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If you think `ngDoCheck` means your component is being checked — read this article

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In this article I'll explain in great detail when is ngDoCheck triggered which will make it clear why ngDoCheck lifecycle hook is still triggered for a component that implements OnPush change detection strategy.

5 min read
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If you think `ngDoCheck` means your component is being checked — read this article

In this article I'll explain in great detail when is ngDoCheck triggered which will make it clear why ngDoCheck lifecycle hook is still triggered for a component that implements OnPush change detection strategy.

post
post
5 min read
5 min read

There’s one question that comes up again and again on stackoverflow. The question is about ngDoCheck lifecycle hook that is triggered for a component that implements OnPush change detection strategy. It’s usually formulated something like:

I have used OnPush strategy for my component and no bindings have changed, but the ngDoCheck lifecycle hook is still triggered. Is the strategy not working?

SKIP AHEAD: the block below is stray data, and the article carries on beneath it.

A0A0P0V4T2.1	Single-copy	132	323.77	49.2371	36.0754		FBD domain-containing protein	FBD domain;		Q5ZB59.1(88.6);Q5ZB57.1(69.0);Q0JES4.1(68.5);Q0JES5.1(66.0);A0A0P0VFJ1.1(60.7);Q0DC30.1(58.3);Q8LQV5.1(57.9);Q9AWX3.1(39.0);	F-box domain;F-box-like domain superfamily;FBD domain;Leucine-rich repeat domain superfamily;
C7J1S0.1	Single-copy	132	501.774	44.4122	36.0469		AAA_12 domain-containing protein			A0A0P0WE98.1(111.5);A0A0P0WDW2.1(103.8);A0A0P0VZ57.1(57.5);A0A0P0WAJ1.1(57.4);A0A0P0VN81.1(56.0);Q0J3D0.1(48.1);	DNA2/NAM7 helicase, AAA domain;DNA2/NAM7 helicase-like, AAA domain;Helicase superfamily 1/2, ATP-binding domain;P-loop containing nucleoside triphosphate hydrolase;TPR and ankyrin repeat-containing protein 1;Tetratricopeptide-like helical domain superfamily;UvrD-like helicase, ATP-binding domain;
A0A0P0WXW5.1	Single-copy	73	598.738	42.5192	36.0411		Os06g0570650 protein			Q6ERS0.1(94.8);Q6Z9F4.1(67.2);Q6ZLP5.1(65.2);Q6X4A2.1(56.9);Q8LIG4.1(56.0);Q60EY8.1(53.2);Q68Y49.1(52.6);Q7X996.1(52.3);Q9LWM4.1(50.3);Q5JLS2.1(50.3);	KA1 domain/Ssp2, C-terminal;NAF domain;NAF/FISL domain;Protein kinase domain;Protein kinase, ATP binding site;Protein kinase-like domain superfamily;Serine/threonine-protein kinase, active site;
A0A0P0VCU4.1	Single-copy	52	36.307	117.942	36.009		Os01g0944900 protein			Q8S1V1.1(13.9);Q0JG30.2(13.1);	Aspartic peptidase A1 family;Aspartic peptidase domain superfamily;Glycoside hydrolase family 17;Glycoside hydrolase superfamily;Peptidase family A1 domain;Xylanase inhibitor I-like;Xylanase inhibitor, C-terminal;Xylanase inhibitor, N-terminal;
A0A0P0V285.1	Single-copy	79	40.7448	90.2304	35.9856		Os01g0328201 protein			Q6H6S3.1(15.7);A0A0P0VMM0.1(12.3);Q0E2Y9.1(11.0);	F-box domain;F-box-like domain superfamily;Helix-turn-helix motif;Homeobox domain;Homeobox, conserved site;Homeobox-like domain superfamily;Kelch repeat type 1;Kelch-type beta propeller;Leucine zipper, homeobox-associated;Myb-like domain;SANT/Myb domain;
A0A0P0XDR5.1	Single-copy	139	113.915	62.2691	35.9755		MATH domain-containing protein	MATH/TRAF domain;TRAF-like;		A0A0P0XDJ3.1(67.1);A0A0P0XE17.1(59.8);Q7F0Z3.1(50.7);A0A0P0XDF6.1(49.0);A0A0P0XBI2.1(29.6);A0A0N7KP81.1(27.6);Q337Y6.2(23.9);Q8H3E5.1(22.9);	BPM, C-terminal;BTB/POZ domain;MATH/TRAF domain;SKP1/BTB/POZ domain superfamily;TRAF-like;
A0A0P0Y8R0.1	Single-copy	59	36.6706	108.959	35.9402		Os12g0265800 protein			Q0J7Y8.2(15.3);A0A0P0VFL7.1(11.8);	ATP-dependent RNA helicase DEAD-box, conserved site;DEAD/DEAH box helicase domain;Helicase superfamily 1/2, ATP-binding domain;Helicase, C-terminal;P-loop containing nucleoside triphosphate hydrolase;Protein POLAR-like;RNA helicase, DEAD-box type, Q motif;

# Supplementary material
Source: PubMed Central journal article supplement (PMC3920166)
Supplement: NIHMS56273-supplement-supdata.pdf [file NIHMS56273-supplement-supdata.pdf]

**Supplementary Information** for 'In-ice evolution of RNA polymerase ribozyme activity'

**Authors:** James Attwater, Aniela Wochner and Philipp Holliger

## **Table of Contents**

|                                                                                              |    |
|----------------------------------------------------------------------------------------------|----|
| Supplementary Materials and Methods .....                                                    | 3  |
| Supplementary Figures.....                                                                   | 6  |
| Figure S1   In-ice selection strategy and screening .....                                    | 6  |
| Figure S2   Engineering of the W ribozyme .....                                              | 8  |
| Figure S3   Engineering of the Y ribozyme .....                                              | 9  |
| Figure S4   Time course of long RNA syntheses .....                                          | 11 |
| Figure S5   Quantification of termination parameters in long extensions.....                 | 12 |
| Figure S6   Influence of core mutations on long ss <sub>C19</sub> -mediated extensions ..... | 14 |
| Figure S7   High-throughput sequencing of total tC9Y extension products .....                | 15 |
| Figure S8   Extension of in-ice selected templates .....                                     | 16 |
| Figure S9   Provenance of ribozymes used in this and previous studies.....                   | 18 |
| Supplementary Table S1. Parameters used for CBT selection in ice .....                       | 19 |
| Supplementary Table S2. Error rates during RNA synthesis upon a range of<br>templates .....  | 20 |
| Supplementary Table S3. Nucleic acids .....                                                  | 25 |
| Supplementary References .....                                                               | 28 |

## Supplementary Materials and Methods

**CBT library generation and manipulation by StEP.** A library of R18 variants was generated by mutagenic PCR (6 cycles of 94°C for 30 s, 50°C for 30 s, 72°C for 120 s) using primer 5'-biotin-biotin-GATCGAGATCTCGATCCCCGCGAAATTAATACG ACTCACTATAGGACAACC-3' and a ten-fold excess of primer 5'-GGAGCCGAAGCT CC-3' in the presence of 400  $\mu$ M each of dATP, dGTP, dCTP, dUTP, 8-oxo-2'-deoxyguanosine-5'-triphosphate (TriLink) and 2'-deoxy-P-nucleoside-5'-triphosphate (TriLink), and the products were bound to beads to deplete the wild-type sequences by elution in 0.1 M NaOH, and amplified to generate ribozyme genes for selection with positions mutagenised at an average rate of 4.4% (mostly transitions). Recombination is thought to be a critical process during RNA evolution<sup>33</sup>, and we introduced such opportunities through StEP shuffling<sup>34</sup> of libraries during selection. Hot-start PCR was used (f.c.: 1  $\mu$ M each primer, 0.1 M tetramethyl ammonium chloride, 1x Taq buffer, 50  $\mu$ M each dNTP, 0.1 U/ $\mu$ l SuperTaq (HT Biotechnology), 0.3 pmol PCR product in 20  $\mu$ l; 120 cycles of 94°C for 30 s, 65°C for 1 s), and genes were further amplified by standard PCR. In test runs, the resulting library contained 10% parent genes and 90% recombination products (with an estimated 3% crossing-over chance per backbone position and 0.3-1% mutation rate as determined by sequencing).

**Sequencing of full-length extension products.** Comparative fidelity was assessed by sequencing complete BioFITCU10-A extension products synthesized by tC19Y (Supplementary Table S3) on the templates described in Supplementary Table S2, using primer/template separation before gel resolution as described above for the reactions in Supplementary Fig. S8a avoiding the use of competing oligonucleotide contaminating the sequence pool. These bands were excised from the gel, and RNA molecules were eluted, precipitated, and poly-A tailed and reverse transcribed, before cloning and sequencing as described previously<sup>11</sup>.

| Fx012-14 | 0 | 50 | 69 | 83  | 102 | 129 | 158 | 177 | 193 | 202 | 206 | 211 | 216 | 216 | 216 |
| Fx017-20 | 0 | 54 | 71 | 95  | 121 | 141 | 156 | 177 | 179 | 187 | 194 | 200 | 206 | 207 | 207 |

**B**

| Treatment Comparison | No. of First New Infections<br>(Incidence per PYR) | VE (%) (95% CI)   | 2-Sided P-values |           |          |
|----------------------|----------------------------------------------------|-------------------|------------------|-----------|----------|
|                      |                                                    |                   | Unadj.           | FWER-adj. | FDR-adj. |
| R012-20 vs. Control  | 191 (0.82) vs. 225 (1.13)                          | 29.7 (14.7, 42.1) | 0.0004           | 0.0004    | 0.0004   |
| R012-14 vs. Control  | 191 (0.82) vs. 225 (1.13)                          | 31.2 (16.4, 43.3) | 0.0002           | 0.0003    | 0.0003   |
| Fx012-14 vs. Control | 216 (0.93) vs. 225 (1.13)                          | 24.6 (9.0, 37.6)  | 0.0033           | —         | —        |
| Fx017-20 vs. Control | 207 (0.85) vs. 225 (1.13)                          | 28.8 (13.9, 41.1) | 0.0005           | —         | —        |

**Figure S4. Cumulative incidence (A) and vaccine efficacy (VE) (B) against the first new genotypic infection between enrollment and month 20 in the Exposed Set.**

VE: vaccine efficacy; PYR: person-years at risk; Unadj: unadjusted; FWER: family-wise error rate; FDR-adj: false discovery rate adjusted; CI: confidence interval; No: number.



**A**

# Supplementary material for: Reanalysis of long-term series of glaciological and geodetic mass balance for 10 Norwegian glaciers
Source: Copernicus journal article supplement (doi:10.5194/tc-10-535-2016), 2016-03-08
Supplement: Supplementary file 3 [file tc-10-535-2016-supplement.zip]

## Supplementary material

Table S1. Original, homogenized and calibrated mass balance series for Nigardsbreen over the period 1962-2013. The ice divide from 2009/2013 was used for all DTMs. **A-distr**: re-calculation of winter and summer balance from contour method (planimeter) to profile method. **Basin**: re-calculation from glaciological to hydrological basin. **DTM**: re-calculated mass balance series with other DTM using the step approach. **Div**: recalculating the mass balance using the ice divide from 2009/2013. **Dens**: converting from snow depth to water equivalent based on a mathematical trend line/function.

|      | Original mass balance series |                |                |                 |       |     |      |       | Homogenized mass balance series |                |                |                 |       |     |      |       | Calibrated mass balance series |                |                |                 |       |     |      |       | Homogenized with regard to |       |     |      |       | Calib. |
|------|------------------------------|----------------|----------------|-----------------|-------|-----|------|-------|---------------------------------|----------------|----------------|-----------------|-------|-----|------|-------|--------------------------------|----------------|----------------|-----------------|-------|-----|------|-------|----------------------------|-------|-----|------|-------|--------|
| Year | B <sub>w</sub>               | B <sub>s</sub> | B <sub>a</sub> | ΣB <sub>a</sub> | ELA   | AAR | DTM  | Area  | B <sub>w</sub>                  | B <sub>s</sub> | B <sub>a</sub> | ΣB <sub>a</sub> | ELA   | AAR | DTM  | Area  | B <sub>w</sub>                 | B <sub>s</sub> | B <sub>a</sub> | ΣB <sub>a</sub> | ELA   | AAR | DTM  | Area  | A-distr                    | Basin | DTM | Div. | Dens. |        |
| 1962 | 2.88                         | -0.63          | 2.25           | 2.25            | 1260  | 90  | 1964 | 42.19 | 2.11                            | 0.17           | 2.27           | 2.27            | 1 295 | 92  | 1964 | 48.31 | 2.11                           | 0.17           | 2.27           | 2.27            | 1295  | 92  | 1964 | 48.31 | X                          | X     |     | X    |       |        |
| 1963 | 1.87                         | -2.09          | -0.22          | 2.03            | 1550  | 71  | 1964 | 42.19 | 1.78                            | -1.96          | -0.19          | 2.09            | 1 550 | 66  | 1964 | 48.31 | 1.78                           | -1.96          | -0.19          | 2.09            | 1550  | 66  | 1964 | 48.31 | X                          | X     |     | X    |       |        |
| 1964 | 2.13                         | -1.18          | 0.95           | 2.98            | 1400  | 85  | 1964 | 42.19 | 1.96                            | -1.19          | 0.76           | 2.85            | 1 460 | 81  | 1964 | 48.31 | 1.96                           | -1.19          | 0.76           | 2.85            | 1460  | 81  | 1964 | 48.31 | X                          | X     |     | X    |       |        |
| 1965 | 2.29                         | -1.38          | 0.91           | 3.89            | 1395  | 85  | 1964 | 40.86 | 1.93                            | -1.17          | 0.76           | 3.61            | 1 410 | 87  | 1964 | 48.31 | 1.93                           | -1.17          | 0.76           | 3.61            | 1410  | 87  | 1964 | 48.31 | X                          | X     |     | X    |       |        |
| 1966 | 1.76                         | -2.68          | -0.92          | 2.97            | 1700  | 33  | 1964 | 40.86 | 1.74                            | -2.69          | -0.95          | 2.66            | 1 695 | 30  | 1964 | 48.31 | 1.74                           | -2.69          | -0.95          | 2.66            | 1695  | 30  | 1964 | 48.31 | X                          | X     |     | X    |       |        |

It’s an interesting question which stems from misunderstanding of when the the ngDoCheck lifecycle hook is triggered and why it’s provided by the framework. This article gives an answer to this common question by showing when the hook in question is triggered and what’s its purpose.

When is ngDoCheck triggered

The official docs don’t tell much about this lifecycle hook:

Detect and act upon changes that Angular can’t or won’t detect on its own.
Called during every change detection run, immediately after ngOnChanges() and ngOnInit().

So we know that it’s triggered after ngOnChanges and ngOnInit but is the component being checked or not when it’s triggered? To answer that question, we need to first define “component check”. The article Everything you need to know about change detection in Angular states that there are three core operations related to component change detection:

Besides these core operations Angular triggers lifecycle hooks as part of change detection. What is interesting is that the hooks for the child component are triggered when the parent component is being checked. Here is the small example to demonstrate that. Suppose we have the following components tree: